The year that the Violence Against Women Act (VAWA) was passed, 1994, and this year bear a remarkable number of similarities. Then, as now, a wave of women had just been elected to Congress under the banner of improving representation and highlighting gender-based discrimination.
Since its inception, VAWA has made strides in preventing violent crimes against women and bolstered community and law enforcement response to gender based violence. But a quarter of a century later, we’re all too aware that these are still systemic issues with no clear end. That is why it is so crucial for legislation like the Violence Against Women Act to be updated and refined. With every VAWA reauthorization, the act has been strengthened and improved.
Over the years this legislation has received strong bipartisan support and reauthorization should happen without a hitch. Unfortunately, reauthorization of VAWA is currently awaiting long-delayed congressional action and its authorization has expired. The Reauthorization of the Violence Against Women Act of 2019 (H.R. 1585), introduced earlier this month, continues to make VAWA more effective and nimble at addressing the needs of specific vulnerable populations. The current reauthorization includes three key improvements that will save lives:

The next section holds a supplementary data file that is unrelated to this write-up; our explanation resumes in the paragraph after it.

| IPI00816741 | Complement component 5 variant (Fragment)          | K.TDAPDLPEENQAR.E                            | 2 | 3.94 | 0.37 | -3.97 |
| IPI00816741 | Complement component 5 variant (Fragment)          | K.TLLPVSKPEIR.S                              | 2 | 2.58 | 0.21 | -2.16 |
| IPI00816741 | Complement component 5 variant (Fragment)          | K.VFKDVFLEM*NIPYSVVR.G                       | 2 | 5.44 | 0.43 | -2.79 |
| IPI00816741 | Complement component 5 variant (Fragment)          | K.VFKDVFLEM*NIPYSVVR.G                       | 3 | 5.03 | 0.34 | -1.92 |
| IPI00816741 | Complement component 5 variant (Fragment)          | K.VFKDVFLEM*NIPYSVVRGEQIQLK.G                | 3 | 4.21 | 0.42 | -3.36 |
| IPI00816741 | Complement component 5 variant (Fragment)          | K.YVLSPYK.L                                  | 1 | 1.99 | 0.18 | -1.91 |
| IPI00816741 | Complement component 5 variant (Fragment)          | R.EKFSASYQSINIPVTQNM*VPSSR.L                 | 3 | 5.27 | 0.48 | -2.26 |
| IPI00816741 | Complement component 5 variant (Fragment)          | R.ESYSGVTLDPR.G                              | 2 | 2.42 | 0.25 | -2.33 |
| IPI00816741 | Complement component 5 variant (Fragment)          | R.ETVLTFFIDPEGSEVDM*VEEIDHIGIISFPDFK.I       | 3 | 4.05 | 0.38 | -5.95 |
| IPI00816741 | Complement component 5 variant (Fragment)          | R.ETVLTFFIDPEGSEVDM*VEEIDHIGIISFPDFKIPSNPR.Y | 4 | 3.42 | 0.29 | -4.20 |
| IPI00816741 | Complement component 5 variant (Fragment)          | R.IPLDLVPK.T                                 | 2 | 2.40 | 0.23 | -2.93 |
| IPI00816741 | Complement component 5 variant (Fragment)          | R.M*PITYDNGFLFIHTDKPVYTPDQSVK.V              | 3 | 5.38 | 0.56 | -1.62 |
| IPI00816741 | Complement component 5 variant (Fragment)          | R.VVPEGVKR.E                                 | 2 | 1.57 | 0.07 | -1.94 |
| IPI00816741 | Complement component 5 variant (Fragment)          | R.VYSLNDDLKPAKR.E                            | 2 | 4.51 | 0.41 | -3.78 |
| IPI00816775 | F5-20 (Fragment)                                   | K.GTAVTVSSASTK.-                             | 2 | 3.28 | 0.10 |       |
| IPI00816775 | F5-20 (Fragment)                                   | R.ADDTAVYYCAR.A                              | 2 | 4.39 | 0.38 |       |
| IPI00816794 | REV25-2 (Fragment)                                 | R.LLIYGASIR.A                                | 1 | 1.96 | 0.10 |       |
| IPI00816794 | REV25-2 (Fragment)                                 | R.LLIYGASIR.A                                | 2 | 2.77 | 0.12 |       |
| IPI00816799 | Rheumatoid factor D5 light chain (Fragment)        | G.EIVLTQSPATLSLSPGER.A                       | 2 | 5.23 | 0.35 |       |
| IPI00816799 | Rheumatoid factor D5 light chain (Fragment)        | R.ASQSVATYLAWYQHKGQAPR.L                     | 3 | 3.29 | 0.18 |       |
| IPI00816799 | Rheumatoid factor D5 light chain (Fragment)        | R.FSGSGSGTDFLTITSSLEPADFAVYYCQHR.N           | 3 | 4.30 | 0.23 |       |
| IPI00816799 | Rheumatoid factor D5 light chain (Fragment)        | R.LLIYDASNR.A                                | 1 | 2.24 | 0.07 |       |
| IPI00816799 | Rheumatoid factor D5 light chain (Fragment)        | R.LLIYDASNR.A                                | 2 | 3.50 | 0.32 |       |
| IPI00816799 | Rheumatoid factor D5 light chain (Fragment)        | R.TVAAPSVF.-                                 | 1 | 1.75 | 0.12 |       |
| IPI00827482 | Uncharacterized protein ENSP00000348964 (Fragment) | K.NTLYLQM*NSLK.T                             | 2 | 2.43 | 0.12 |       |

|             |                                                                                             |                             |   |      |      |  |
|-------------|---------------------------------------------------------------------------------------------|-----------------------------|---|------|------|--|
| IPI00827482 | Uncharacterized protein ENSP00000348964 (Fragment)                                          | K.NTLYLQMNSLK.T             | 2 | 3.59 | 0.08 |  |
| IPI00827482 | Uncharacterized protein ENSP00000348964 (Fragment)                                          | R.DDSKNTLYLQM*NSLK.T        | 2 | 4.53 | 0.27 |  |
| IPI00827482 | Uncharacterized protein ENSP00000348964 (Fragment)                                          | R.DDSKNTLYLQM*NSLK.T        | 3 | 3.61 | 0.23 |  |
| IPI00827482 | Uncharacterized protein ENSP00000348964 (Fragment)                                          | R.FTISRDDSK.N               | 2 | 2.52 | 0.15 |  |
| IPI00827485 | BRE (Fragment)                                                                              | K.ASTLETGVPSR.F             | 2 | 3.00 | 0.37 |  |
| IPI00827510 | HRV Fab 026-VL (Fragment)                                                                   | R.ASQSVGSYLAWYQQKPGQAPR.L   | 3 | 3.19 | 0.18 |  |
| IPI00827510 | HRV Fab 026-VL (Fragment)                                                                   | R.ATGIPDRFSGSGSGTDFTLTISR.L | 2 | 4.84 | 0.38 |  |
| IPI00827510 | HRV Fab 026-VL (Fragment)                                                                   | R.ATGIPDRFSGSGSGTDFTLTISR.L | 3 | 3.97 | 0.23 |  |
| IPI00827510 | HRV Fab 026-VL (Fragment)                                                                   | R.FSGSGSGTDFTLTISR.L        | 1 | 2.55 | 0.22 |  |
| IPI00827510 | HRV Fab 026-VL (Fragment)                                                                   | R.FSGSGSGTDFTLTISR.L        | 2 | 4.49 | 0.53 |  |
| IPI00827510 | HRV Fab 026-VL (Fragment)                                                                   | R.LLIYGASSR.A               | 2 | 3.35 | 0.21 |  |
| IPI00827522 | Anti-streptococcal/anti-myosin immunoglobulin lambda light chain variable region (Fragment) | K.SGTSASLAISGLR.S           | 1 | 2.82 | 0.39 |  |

Closing existing loopholes to better protect victims and survivors from violent offenders with dangerous weapons.
Increasing funding levels for violence prevention programming across the country, a need that has risen dramatically in the wake of the #MeToo movement.
Strengthening the authority of tribal courts to prosecute violence perpetrated by non-Native abusers on tribal land. A National Institute of Justice study recently found that a staggering 8o percent of Native American women will be a victim of gender-based violence in their lifetime.
Our faith teaches us that each person bears the image of God. Sexual or physical violence against any person defies this belief and represents a grave injustice. Violence impacts all of us - tearing apart the fabric of communities and our society. Everyone deserves to live free from violence.
Preventing and addressing violence against women builds stronger families and stronger communities. VAWA has a proven track-record of effectiveness over the years. It is long past time to reauthorize the Violence Against Women Act of 2019. Urge your member of Congress to support the reauthorization of VAWA.